A Simple Way to Reduce Taxes on Portfolio Withdrawals

Before you go, we thought you'd like these...
Before you go close icon
|asset|banking|black|bond|business|business and industry|capital|center|certificate|color|commerce|currency|economy|fax|finance|
Getty Images
By Aaron Gubin

Imagine that you've been investing in a certain stock, mutual fund or exchange-traded fun over the last 18 months, buying 10 shares of it once every three months. Now, after some ups and downs in the share price, you'd like to pare back your position. Maybe you need that cash to pay bills, put a down payment on a house or buy a boat. Or maybe you've just retired and are starting to plan your withdrawal strategy for living expenses.

Whatever your circumstances, one of the most important factors to consider is how the sale will affect your tax bill.

The way many brokerages deal with a sell order is known as FIFO -- first in, first out. It prioritizes selling long-term positions before short-term positions. In other words, the brokerage will first sell the shares that you bought the earliest.

However, there's a better order that you should follow in selling your shares that can help you at tax time.

When selling shares at your broker, you can typically specify which lot to sell from (each buy creates a new tax lot). The list below suggests the order in which you should sell lots, though you can pull from multiple lots in the same sale transaction. Remember that it is usually preferable to minimize trading (and the transactions costs that it implies) as much as possible.

1. Sell short-term losses first.
  1. Offset any short-term capital gains (which would be taxed at your marginal rate) realized this year.
2. Sell long-term losses.
  1. Offset any long-term capital gains you've realized this year. If you have more total losses than gains, you can offset up to $3,000 of your current income.
3. Sell long-term gains (if necessary).
  1. The tax rate on long-term gains is lower than the tax rate on short-term gains, so it makes sense to prioritize the sale of long-term gains before short-term gains.
4. Sell short-term gains (if necessary).
  1. The tax rate on short-term capital gains is the same as your income rate, so there's no benefit to making sales of short-term gains before liquidating other types of lots.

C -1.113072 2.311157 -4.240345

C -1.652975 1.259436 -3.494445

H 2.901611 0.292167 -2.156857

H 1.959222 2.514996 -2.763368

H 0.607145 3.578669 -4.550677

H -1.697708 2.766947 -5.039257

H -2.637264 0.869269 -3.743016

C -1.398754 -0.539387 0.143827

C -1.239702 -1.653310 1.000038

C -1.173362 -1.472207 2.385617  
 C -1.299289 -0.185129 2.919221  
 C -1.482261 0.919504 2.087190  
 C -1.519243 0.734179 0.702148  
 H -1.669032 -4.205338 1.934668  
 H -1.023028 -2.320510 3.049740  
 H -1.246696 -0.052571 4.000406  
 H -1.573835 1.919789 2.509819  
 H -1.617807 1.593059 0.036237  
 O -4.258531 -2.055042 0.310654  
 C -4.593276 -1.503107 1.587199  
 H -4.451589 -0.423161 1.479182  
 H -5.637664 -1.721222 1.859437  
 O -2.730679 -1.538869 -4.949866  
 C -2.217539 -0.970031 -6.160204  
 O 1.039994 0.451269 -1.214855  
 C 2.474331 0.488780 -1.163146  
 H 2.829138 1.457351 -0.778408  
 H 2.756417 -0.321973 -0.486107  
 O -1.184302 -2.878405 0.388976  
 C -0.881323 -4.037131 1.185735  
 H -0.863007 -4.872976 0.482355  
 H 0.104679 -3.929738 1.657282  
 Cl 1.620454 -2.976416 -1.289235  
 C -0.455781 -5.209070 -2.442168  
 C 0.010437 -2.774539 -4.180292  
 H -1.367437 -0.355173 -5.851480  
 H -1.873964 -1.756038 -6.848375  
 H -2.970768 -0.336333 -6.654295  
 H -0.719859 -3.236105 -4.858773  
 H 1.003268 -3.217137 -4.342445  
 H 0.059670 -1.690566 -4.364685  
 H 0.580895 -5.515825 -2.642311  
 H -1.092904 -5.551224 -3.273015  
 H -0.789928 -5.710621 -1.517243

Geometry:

Though the default order at the brokers is typically FIFO, you should see if you can change it: a loss harvester option should implement this order without forcing you to pick the specific lots. (It's worth noting that the loss harvester option may be default at some brokerages.)

Here's a visual example that will hopefully clarify the strategy further. The chart below shows the price movements of a fictional stock, which you first bought on Nov. 30, 2012, at $105.69. In the following year and a half, the stock price moved up and down, and you continued to buy, at anywhere between $129.45 on Aug. 31, 2014 to $108.87 on Nov. 30, 2014 (the last time you made a purchase).

Screen Shot 2015-02-11 at 10.55.54 AM.png

Now that you want to pare down your position, where do you start? Based on your per share lot cost basis and the stock's current price ($109.61), you would order a sale on three of your more recent transactions first. The most recent purchase -- that made on Nov. 30, 2014, is a short-term capital gain and should be sold last, if at all.

The chart below shows you how the rest of the lots should be prioritized, if they need to be sold at the current price.

Note that the information presented here is meant to explain general tax-efficient strategy and does not present specific investing advice. For that, investors should confer with their tax adviser.


Aaron Gubin heads research for SigFig's Asset Management team. Nearly a million people use SigFig to track, improve and manage over $300 billion in investments. This information was prepared to explain general tax-efficient strategy. Prospective investors should confer with their personal tax advisers. SigFig assumes no responsibility for the tax consequences to any investor of any transaction.
Read Full Story

People are Reading